There must be very few things more embarrassing to an airline than losing the luggage of a passenger who paid more than $12,000 for a First Class ticket. Even more shockingly, British Airways, which did just that last week, didn’t try to right the screamingly obvious wrong and offer some sort of a good-will gesture.
Many of us often wonder who would pay $10,000 or $15,000 for a plane ticket, but let me assure you, there are such people. Premium travel has staged a remarkable recovery in recent months. As I look at flight inventory, I’m amazed every day by how full Business and First Class cabins are on various carriers.
The case in point was actually very close to home, as the passenger was a colleague whom I’d helped book his ticket. Another curious detail was that, after the ticket was issued, he needed to move his return flight a day earlier, and British Airways imposed a $750 penalty for the change — yes, on a $12,000 ticket.
He had one connection — in London, of course — on his way to another European city. Not too complicated, one might think. However, when he arrived at his final destination, his luggage was missing. It was eventually discovered in London, but although British Airways had several more flights to the city where he was that day, the luggage wasn’t delivered at his hotel until 1 a.m. the following day — 12 hours after his arrival.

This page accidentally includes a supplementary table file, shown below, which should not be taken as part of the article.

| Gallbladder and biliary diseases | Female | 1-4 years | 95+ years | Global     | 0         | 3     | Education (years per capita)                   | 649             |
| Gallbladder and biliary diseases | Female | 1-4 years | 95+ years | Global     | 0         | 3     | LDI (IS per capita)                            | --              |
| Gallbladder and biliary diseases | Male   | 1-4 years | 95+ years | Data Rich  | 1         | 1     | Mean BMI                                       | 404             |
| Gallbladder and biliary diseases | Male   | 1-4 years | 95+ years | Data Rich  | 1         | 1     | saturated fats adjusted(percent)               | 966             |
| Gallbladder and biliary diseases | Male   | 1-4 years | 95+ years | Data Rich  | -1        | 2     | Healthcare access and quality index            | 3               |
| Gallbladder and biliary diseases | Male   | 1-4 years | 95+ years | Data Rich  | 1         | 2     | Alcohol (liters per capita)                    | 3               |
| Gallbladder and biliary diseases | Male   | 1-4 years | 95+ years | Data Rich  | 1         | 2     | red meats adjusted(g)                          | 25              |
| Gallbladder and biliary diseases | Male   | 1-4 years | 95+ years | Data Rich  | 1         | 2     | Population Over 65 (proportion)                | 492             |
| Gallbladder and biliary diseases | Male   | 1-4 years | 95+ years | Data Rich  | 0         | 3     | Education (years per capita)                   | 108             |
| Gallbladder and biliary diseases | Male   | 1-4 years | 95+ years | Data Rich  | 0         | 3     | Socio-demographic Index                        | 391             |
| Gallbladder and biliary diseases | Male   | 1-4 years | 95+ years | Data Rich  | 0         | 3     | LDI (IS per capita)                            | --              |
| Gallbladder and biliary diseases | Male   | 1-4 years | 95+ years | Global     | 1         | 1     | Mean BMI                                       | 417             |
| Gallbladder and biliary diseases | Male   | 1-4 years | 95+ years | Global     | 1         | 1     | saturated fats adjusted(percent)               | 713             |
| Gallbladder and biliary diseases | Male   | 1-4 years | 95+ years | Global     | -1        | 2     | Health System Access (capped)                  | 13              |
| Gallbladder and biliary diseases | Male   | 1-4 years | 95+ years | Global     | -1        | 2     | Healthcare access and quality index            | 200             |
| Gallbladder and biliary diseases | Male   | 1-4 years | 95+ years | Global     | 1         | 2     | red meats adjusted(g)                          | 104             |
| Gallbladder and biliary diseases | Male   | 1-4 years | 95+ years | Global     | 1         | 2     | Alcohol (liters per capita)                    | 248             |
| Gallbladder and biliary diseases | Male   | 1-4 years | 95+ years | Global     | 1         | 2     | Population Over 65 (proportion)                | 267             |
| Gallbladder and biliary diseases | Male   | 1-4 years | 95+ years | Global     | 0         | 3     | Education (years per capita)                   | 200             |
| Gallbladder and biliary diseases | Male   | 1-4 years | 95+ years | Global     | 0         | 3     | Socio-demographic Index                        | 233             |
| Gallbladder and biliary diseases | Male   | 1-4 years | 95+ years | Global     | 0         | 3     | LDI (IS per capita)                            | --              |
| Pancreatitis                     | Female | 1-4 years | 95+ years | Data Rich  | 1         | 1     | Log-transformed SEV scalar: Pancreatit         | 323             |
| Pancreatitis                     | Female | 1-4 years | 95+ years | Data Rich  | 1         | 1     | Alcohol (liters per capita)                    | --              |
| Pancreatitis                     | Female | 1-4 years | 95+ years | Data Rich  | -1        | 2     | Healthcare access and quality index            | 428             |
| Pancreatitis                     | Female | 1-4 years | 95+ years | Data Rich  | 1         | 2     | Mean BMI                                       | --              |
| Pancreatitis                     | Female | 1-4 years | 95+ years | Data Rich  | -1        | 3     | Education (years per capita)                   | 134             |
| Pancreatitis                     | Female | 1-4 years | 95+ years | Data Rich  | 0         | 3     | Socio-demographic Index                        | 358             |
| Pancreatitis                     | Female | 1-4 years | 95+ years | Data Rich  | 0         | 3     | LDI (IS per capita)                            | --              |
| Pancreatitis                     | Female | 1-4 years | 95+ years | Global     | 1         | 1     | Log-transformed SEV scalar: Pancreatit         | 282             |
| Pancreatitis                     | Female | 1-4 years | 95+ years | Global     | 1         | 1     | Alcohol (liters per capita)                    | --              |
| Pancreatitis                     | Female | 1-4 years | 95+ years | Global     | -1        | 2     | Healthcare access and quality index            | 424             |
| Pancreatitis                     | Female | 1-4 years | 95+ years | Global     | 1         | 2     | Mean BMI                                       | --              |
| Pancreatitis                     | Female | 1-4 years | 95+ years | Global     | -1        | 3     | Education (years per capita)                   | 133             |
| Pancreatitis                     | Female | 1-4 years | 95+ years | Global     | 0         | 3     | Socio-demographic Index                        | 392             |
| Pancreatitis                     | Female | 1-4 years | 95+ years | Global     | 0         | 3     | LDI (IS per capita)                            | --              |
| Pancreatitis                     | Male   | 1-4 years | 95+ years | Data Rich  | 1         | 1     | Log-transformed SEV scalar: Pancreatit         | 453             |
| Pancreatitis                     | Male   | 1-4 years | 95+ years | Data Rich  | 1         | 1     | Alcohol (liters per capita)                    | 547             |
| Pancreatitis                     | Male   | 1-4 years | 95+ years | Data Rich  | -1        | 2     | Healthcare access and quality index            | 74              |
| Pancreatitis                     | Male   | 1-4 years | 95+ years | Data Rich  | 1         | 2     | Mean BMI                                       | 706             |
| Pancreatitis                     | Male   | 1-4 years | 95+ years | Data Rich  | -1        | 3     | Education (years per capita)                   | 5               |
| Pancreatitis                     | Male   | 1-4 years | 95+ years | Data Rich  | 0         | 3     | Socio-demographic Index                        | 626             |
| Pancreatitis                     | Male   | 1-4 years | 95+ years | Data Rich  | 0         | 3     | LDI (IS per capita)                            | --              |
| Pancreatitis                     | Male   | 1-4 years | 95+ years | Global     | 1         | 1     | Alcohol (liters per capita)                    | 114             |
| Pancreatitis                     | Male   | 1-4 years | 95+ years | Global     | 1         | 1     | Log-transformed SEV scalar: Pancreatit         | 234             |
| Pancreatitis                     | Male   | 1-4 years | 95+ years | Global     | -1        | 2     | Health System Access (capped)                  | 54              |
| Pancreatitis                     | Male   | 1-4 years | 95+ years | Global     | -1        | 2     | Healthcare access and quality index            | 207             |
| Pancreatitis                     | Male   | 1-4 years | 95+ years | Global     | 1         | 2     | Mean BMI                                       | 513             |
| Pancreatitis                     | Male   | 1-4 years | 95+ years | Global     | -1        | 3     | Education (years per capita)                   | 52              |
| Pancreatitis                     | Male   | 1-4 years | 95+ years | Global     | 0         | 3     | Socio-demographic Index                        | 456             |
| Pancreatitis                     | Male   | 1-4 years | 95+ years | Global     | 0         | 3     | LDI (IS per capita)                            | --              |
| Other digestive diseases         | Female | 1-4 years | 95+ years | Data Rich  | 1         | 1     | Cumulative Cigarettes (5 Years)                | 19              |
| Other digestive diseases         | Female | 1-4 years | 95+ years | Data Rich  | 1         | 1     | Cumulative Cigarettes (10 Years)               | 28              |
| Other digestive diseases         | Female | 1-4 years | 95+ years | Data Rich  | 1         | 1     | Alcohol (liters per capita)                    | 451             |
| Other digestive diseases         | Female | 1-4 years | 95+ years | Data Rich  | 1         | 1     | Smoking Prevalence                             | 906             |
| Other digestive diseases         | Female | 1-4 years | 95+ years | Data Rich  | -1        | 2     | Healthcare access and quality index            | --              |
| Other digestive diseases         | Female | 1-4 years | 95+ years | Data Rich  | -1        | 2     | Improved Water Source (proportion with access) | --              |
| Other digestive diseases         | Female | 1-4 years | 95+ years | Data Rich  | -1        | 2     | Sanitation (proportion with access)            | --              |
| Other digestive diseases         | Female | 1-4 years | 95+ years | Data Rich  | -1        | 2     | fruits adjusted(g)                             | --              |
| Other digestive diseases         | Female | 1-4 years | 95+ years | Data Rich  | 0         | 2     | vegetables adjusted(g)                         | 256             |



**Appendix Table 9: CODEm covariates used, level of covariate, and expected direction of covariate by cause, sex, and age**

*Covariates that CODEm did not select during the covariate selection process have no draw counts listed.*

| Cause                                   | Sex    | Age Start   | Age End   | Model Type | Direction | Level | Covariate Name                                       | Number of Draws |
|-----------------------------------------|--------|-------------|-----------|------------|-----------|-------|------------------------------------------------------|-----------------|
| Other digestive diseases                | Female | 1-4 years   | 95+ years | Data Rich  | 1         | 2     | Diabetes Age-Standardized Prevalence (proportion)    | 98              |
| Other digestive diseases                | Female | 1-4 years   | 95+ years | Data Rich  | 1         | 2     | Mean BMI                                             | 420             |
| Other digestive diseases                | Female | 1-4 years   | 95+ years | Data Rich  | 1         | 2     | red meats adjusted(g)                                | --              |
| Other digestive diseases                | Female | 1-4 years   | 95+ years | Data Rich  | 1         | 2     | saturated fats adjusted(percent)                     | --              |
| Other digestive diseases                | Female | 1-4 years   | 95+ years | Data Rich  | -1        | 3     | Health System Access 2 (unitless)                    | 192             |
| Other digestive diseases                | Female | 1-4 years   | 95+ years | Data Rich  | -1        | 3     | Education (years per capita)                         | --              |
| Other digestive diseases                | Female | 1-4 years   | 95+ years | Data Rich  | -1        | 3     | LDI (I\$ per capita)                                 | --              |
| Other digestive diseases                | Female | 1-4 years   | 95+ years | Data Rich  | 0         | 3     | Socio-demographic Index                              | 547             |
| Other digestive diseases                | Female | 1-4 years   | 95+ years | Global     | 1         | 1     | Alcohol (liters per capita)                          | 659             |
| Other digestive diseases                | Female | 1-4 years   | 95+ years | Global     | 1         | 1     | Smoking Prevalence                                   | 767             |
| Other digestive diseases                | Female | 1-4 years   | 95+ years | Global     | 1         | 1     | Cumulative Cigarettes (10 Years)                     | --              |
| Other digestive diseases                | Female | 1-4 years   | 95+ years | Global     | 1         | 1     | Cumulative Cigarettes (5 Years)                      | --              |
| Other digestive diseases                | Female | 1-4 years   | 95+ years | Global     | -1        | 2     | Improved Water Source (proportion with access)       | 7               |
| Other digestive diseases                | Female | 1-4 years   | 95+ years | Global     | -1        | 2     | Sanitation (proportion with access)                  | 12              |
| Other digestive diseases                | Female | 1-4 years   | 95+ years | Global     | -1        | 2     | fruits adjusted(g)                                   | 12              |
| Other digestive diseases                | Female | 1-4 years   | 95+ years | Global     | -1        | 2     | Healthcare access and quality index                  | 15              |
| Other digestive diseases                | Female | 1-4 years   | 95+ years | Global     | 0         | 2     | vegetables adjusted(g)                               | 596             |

Not too bad, you might say. Many passengers wait days for their bags, and some never see them again.
I may have agreed with such an attitude had the airline not collected $12,000 from the passenger for this trip. How could any self-respecting carrier not take all necessary measures to ensure that such customers’ luggage arrives on time at the right place? In the grand scheme of things, this wasn’t a huge problem, but it speaks ill of the airline — and it certainly ruins the First Class experience.
What makes things much worse is that, a week after the incident, British Airways, which is a member of the Oneworld alliance, has offered no compensation, good-will gesture or whatever one might call it. Moreover, when the customer asked for a token of appreciation in the Concorde Room, the carrier’s First Class lounge at Heathrow Airport, on his return journey, his request was rejected.
Instead, he was advised to contact Customer Relations. While that may be considered a standard procedure in the airline industry, the airport agent could have been much more helpful and not passed the responsibility to someone else.
After all, the people who pay $12,000 for a plane ticket are not that many. Any airline should try really hard to keep them as customers.